Miss Eliza Malpas, the author of this memoir written, was a sister in law of Charles Mann. This is a transcribed extract from her diary. No other material from this diary exists. It is transcribed from a print displayed in the vestry at Holy Trinity Church, North Terrace Adelaide. No other source details are available. This piece may have appeared in an Adelaide newspaper in 1932, prompting the query from the Secretary of the Library. The State Library of SA holds no records of Eliza Malpas, or for that matter Charles Mann, Eliza’s relative in its collections. Mr James Hurtle Fisher was the Resident Land Commissioner for the Colony.
 Miss M. E. Malpas to the Secretary of the Library, Museum and Art Gallery of South Australia 7 April 1932, GRG19/17, 1932/M, State Records South Australia.
21 July 1838 The first baptism at Holy Trinity, North Terrace‘Mrs Stephen and myself were dressed for the christening by 2 o’clock. Mrs Cotter called for us and we walked from the S.A. Bank [cnr North Tce and Stephen Place] to the church [ie Trinity]. It was, for Adelaide, a very big building, but would have been thought small in England. The workmen were on the roof and looked with astonishment at the party below. The ceremony commenced. Mrs Fisher’s daughter of 18 months was the first. She was named Emily Anne (or Ann). Mrs Fisher was one godmother, and Mrs Cotter proxy for an aunt, and Mr Cotter for Charles Fisher. The next was Master Cotter aged two years and four months: Thomas Charles Edward, Miss Cotter 4 months, Ellen Fisher. After the ceremony we walked to Mr Fisher’s and in a few minutes the company assembled. Mr Fisher was dressed in uniform; Mrs Fisher wore a maroon cored silk with a very handsome worked collar. Mrs Cotter has a fawn silk with lace pelerine. Mrs Smart a lemon coloured `silk and pearl necklace. Mrs Stephens (or Stephen) pale green silk, white crepe scarf and sable boa. Mrs [sc Miss?] Fisher French poplin, of fawn and brown, and a ribbon round her head of white and green. Fanny had a frock like Mrs F’s dress and a ribbon like her sister’s round her head. I wore a white frock and blue scarf. There were several gentlemen present: Mr Morphett, Alan Hicks, John Hancock, James Fisher, Capt Pollard and Mr Brown. At 3 o’clock
we partook of an elegant cold collation and as I wish to be able at some future time to know the manners of the colony I hall insert the bill of fare as nearly as I can remember:-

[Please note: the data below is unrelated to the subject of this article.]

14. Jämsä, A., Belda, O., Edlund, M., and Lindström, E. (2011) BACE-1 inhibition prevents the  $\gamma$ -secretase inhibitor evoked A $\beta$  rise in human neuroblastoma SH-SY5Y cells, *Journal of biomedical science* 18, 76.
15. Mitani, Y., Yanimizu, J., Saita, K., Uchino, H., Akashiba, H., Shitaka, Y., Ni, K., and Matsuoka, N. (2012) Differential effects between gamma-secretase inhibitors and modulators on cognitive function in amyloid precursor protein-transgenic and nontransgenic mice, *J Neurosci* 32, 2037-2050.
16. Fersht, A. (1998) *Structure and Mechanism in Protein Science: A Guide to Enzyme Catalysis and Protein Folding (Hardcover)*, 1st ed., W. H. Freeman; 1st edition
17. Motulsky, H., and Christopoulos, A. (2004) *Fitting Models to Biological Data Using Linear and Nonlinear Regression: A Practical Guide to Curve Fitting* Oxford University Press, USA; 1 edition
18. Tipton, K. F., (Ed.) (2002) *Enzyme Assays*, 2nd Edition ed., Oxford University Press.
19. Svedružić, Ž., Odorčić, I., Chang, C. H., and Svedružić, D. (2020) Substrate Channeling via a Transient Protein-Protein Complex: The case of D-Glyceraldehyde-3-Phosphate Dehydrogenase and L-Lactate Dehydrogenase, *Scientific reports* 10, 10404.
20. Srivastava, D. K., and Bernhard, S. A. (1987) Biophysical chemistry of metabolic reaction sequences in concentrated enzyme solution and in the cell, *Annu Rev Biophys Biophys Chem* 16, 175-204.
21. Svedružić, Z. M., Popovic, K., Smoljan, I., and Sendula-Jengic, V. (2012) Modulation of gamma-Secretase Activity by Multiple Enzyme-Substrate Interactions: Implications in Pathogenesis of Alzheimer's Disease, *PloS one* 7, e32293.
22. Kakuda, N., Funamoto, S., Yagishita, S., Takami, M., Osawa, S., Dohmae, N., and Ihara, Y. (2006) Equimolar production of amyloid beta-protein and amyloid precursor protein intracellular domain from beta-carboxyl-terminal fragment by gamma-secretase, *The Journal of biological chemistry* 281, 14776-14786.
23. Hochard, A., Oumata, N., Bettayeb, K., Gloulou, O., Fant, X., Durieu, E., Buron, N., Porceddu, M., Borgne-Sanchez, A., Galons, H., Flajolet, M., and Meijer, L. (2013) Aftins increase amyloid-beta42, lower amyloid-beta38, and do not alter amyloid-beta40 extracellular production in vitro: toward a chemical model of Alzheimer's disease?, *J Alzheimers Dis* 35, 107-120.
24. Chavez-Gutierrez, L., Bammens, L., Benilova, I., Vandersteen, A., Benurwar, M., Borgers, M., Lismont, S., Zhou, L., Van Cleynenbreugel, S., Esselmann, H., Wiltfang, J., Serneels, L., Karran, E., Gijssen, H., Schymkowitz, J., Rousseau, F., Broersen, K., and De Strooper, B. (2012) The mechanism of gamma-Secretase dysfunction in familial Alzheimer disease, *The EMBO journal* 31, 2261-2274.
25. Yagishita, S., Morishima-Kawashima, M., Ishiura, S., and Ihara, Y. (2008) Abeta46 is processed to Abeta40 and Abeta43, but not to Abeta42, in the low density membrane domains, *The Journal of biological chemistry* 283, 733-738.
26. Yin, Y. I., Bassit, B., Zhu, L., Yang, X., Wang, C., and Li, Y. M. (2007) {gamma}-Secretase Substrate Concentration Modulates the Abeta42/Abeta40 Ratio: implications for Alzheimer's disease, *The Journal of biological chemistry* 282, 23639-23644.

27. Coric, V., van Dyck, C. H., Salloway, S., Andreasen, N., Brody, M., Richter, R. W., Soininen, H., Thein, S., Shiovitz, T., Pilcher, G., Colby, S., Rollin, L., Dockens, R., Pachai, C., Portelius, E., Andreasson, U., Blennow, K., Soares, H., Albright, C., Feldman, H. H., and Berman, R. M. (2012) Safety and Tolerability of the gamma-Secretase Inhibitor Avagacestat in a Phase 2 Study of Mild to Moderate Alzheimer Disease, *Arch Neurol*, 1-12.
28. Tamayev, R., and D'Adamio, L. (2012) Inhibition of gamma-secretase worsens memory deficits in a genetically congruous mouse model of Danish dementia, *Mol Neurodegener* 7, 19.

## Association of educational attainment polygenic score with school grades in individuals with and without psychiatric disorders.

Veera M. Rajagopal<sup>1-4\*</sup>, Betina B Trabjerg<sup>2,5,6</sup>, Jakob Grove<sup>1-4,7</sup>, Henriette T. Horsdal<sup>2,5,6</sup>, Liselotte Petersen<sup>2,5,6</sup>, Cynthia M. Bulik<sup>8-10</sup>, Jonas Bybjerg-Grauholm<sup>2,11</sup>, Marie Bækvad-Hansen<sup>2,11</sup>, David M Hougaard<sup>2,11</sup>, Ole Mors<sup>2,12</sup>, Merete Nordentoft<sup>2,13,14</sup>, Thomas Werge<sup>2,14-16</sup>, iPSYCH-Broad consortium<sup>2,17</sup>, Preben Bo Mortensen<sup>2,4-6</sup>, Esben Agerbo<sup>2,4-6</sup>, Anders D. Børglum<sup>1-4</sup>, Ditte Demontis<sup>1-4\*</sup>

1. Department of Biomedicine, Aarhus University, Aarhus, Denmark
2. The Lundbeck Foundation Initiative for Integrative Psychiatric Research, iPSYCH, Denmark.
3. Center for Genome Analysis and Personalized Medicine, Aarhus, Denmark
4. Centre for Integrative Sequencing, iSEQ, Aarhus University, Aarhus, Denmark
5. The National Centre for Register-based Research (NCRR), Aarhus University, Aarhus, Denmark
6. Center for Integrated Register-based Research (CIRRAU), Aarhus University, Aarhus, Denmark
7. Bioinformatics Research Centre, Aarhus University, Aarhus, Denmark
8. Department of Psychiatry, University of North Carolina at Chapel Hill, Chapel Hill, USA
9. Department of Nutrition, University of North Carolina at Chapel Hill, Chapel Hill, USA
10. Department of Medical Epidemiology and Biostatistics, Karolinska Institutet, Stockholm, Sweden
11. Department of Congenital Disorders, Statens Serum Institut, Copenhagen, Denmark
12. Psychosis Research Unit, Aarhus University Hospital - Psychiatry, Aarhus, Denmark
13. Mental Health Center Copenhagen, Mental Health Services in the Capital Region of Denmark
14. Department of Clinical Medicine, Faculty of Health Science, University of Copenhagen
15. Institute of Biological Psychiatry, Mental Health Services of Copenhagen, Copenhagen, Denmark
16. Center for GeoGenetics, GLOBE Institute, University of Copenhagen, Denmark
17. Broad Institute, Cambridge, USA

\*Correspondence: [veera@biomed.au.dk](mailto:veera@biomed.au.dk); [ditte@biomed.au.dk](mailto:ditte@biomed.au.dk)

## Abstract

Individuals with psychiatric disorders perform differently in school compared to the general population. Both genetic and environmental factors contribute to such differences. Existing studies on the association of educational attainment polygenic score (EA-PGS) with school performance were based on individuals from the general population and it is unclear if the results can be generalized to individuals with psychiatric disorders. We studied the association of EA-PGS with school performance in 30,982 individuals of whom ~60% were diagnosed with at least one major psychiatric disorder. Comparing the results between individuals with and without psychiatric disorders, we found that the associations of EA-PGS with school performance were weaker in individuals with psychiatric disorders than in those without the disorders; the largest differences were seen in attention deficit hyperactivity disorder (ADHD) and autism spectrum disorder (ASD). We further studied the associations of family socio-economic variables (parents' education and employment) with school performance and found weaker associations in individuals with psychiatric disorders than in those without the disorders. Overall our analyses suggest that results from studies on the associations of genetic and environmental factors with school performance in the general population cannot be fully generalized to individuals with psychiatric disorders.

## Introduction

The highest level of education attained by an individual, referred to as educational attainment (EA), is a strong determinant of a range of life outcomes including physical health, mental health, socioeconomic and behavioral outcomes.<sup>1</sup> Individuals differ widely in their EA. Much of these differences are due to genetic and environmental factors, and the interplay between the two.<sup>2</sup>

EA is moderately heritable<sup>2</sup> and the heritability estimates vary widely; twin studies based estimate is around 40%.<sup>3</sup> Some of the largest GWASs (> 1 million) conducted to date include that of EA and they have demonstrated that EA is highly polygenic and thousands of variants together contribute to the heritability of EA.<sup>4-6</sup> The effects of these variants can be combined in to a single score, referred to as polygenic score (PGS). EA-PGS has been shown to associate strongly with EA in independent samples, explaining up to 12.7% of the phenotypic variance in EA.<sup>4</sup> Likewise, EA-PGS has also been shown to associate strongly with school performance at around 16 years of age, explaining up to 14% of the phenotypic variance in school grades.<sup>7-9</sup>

Giblet and gravy soup
Cold roast suckling pig, Fowls roast and boiled, tongue, chicken pies
Plum pudding, gooseberry pie, scalded codlings [unripe apples, preserved by scalding, and eaten as sweetmeats]
Preserved ginger, tipsy cake, custard, open tart, preserved orange
Port, sherry, ale, cheese
I find I have omitted the Rev Howard, with wife and sister. Mrs Howard in stiff corded black silk, her hair tied with cherry ribbon. Sister [Miss Neville] in violet silk .
After dinner the ladies walked in the garden or stayed in the office, where supper was set out for the servants, consisting of round of beef and plum pudding. The gentlemen soon joined us and we returned to the sitting room. Miss Fisher was soon seated at the piano. Several stood round her, and others stood talking to the ladies. The instrument was a very fine toned one and we were favoured with some beautiful music, Weber and other composers. Coffee and tea was brought in and after that the company arranged the room for a dance. After several had been gone through, the ‘Coquette’ was proposed, and all joined with the exception of 2 or 3. Mr Morphett leading out Miss Fisher was the signal for a burst of applause. After an evening spent in a most delightful manner we separated and went home. Capt Pollard and Mr Brown accompanied us to the Bank, where they stayed some time.’
 The subsequent reference to ‘the office’ suggests that the Fishers were the hosts most probably at the Fisher residence and attached Land Office, on the parklands near the corner of North Terrace and West Terrace (i.e. the Newmarket Hotel site now) and with Colonel Light's hut adjacent. Both were subsequently destroyed by fire with resulting disastrous impacts on records of the early colony.